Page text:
As already argued in the previous chapter, in post conflict countries the system does possess specific features that make these countries radically different from states that may start their transition to democracy from a situation of peace, especially because the challenges experienced by states in the aftermath of a conflict seem to be certainly more and deeper, as they don’t only concern the establishment of democratic institutions but also the restoration of security, stability, and of many basic elements of the existence of the state that are crucial to make democracy possible. Despite some cases of success, among which it’s possible to recall the transition that Namibia undertook after the end of the Cold War and that brought the country to be considered since then a stable democracy, many other cases seem to point out the impossibility of achieving democracy in post conflict areas. In today’s world, excluding the role of external actors in influencing or fostering political transitions is not possible. Thus, many questions arise on the impact that they can have in these contexts. Can external actors increase the likelihood that countries exiting a conflict can turn into democratic states? Generally, empirical evidence seems to deny this possibility most of the times.63 This conclusion might be legitimate, if we think at today’s Bosnia or Afghanistan, where external actors have intervened extensively, investing a great amount of resources, without achieving the desired results in terms of democratic transformation. In Bosnia, for instance, the international forces were able to put an end to the hostilities that were taking place on the ground, however little results were achieved in terms of stable democracy, and ethnic cleavages are still pervasive in society. The system that was designed in Dayton in 1995 was not able of putting the country in a situation of social integration and cohesion, and domestic politics remain highly polarized on ethnic lines, leaving little space for genuine competition and representation. In Afghanistan, even the most basic security requirements failed to be reached, consequently harming the whole transition, and external actors also failed to address all the essential political aspects of the system that needed to be targeted efficiently by their strategies.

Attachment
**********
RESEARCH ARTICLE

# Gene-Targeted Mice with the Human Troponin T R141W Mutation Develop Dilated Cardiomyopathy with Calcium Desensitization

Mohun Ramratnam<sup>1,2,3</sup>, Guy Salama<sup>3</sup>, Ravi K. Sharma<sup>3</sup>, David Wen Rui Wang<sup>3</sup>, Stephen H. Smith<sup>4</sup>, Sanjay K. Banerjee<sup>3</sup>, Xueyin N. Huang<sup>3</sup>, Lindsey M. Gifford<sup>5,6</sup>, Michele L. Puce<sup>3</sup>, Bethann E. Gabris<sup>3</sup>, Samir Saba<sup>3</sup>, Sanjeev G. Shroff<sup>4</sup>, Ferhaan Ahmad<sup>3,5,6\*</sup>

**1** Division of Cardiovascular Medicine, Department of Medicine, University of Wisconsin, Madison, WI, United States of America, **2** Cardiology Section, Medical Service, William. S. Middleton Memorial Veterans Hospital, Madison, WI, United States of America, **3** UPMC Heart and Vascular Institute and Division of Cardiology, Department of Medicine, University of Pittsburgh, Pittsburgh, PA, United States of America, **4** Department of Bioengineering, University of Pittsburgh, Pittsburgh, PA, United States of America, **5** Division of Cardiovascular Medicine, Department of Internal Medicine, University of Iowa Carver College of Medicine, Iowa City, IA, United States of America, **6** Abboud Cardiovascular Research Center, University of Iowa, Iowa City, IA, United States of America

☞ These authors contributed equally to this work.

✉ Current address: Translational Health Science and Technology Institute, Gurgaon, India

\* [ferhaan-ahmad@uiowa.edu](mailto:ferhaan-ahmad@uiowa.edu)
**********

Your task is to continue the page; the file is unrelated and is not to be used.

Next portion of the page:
It’s important to underline that the scholar thought surrounding political transitions in war-torn states goes hand in hand with that branch of literature which focuses on peacebuilding, as the two phenomena, peace and democracy, in such contexts must both be taken into consideration.64 Indeed, there’s no consensus among scholars on the actual relationship between the two. Some authors argue that they are deeply linked, and that a positive relation exists between them, as there seems to be no democracy without peace and, viceversa.65 Nevertheless, others reject this assumption and, on the contrary, affirm that in post conflict settings democracy and peace might both be desirable goals, but they actually contradict each other.66 Moreover, while discussing democracy-building, the concept of state-building must be taken into consideration too, as it relates tightly to the democratization process in the aftermath of a war, as it will be presented in the following paragraphs.